} Tracing the History of Polymeric Materials, Part 4 | Plastics Technology
Materials Know How | 6 MINUTE READ

Tracing the History of Polymeric Materials, Part 4

In this installment we discuss the discovery of Bakelite, the first truly synthetic polymer, known today as phenolic.
#Elastomers

Share

Facebook Share Icon LinkedIn Share Icon Twitter Share Icon Share by EMail icon Print Icon

In 1863, the year after the nitrocellulose-based plastic Parkesine was awarded the bronze medal at the Great International Exhibition in London, Leo Baekeland was born in Belgium. The son of illiterate parents, Baekeland earned his PhD at the age of 21, studying under Theodore Swarts, chief assistant to Friedrich August Kekulé at the University of Bonn, Germany. Kekulé is credited with working out the structure of benzene, a chemical that is central to much of polymer chemistry and closely related to phenol, one of the chemicals that is key to the story of the first truly synthetic polymer. Baekeland was also a photography enthusiast, and during his high school and college years he worked with a local chemist who had established a factory to produce the first photographic dry plates made in Europe.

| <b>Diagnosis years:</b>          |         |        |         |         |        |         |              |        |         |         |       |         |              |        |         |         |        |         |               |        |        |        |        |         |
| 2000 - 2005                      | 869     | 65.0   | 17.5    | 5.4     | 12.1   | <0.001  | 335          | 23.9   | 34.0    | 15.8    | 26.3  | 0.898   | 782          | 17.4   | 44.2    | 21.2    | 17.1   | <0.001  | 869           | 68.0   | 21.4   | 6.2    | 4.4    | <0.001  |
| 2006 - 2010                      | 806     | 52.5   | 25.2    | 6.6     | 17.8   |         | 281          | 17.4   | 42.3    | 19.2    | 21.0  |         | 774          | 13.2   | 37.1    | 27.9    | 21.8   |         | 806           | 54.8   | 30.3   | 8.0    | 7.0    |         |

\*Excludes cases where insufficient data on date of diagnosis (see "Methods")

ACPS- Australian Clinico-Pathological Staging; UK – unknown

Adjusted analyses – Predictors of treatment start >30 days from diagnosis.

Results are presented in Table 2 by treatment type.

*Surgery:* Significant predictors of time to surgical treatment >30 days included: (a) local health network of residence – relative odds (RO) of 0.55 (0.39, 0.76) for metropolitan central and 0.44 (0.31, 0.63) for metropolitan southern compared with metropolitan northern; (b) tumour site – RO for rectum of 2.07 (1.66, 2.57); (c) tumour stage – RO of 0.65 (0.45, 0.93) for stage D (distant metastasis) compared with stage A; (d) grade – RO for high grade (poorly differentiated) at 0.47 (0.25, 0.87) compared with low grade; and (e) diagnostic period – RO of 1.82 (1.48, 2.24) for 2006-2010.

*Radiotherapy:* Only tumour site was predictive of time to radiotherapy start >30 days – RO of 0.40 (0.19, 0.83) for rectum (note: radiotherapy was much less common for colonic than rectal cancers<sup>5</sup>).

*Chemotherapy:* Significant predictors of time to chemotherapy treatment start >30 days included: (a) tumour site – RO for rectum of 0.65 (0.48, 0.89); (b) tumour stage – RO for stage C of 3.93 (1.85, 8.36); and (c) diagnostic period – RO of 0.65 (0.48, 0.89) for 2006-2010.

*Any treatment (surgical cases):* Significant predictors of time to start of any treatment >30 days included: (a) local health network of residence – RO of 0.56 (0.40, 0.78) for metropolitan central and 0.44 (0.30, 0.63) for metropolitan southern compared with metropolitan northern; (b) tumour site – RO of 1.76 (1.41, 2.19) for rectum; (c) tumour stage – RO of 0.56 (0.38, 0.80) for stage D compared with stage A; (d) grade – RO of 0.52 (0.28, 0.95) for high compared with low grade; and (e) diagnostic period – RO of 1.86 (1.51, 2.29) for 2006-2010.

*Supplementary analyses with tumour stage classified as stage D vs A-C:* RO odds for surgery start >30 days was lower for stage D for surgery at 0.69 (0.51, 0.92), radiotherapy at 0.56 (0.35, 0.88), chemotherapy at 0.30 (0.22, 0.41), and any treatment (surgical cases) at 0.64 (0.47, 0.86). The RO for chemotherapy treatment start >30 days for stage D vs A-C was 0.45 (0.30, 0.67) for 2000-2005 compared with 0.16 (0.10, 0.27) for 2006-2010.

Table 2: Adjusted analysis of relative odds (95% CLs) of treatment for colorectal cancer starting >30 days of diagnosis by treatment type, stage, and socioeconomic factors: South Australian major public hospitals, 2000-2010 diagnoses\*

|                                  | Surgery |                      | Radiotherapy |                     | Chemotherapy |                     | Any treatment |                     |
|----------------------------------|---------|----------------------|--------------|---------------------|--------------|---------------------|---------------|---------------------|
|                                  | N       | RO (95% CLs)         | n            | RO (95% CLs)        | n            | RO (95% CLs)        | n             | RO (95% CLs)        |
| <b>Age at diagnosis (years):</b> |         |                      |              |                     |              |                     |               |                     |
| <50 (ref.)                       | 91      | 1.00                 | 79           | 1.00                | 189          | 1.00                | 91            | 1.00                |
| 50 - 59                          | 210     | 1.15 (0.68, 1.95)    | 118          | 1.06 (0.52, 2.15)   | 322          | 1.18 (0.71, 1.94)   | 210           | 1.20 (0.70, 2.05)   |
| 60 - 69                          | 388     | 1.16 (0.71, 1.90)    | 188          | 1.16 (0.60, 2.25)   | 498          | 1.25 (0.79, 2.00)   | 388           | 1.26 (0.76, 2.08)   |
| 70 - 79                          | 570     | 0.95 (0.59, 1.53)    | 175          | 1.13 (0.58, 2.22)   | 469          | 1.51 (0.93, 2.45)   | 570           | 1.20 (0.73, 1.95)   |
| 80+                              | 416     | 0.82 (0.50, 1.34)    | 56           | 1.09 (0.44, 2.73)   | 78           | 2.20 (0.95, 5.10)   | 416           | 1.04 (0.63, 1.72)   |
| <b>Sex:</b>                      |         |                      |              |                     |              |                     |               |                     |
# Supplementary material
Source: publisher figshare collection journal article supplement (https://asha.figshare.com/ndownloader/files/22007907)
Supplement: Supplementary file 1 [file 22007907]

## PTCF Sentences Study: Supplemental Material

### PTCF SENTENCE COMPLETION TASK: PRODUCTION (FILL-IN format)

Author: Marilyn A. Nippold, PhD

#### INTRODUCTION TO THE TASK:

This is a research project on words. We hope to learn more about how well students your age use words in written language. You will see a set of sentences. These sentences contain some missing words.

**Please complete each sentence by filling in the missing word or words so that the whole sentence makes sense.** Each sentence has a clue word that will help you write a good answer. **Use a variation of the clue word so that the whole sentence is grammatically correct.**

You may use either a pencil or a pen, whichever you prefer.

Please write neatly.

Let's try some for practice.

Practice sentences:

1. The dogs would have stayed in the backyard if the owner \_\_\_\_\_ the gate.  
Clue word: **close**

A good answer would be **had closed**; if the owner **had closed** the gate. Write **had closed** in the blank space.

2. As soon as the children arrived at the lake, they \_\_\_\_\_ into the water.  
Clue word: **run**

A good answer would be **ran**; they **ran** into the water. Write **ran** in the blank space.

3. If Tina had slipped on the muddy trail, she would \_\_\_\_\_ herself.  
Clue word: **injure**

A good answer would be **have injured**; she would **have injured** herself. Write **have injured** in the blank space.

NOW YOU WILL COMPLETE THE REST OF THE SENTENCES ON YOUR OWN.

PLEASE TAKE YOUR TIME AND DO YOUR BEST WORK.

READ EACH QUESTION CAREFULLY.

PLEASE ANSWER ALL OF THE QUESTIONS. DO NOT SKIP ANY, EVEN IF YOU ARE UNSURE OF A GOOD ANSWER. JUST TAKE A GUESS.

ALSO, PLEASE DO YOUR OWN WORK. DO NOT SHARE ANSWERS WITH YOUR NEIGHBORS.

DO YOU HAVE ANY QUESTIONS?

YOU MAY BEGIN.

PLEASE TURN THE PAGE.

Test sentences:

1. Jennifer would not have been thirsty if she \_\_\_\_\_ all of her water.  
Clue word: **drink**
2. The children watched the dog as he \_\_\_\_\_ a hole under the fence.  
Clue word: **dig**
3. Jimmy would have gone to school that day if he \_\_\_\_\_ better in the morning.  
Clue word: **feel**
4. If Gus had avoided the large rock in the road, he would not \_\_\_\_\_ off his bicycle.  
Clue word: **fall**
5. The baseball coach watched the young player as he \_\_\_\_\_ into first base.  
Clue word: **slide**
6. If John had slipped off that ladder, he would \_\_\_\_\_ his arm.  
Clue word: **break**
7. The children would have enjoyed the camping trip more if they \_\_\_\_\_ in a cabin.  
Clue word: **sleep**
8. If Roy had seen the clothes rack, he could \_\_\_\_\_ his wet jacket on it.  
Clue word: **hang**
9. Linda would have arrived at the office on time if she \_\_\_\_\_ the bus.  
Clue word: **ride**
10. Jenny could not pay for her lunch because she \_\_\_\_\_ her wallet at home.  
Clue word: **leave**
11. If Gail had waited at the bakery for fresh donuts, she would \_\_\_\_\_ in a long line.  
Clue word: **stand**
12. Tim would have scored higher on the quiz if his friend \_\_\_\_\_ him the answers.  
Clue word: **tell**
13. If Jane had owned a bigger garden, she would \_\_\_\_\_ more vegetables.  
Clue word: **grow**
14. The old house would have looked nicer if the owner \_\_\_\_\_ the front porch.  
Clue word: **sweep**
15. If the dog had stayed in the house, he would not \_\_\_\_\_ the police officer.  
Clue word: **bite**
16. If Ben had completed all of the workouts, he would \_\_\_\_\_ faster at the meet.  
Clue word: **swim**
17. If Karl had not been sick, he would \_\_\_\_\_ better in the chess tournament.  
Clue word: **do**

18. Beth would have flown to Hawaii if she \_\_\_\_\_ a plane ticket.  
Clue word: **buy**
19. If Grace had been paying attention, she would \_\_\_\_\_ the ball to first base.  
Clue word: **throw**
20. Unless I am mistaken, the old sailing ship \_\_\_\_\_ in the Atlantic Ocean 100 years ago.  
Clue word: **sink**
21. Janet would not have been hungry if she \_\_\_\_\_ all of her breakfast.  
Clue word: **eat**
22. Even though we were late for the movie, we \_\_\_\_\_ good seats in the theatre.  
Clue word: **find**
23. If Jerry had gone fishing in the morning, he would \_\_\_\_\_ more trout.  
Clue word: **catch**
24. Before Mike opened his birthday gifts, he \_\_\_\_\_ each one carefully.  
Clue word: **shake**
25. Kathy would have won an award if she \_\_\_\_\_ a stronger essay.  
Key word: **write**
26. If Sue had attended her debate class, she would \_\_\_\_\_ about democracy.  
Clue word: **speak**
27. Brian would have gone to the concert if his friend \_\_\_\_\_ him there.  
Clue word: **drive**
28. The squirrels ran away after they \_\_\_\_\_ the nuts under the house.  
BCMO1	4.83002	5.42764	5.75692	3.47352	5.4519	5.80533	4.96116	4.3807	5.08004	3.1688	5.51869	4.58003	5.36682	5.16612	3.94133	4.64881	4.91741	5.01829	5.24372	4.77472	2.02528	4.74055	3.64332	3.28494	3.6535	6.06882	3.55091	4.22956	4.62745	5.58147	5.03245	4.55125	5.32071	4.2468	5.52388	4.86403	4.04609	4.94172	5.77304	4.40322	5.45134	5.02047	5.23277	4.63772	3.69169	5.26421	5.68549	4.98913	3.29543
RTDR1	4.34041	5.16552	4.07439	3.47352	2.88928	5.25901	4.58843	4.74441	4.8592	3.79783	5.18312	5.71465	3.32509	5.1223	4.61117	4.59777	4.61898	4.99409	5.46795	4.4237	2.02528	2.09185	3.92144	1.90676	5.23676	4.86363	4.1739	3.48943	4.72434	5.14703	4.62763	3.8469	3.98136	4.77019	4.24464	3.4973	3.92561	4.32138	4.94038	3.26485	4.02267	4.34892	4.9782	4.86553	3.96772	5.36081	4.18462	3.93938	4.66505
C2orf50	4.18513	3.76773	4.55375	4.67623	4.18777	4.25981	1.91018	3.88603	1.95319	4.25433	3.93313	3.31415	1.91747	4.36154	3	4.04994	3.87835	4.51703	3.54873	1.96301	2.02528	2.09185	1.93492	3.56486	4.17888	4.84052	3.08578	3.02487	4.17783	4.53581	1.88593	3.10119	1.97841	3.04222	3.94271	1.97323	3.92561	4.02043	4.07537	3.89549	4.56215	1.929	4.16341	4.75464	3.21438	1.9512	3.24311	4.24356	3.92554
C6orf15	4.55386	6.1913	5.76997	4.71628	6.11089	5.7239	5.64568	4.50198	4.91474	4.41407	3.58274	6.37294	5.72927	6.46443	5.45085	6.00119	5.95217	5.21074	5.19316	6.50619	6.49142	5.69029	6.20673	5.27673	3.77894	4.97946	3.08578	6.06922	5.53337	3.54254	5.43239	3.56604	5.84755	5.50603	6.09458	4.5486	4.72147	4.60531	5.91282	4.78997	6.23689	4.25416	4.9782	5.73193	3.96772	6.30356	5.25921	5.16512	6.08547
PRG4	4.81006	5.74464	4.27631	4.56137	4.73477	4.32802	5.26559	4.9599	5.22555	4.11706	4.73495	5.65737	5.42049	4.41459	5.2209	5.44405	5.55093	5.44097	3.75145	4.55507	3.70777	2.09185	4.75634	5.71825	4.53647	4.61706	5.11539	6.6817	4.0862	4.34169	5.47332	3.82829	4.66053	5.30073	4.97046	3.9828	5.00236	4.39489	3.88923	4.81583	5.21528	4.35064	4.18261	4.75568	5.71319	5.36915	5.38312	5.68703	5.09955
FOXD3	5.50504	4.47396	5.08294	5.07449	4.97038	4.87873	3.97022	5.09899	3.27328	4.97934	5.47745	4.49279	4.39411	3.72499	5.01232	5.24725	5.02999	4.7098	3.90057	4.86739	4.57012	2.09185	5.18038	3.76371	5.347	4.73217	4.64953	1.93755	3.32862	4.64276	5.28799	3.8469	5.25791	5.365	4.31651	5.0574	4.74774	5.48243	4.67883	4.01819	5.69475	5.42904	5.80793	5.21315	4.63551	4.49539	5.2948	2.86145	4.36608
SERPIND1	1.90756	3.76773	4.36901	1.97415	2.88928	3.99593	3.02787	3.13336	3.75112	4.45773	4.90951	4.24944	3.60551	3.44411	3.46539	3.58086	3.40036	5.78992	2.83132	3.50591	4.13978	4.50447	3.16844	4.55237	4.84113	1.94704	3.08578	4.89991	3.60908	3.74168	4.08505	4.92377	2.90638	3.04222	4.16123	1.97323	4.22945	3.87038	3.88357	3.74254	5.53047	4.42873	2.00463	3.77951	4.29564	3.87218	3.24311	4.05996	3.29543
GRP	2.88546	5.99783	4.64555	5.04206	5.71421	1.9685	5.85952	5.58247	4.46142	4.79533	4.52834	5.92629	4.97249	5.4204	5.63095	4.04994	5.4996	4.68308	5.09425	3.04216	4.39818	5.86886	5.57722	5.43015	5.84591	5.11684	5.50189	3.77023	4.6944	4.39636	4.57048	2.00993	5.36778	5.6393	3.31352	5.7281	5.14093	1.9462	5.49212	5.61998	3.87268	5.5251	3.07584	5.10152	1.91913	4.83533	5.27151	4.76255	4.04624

The early dry plates made use of chemical developers that smelled unpleasant and could be temperamental to work with. Baekeland recognized this and shortly after graduating with his doctorate he invented a dry plate coated with a water-soluble emulsion that could be dipped in water to activate the developer. He obtained a patent for this advancement in Belgium in 1887.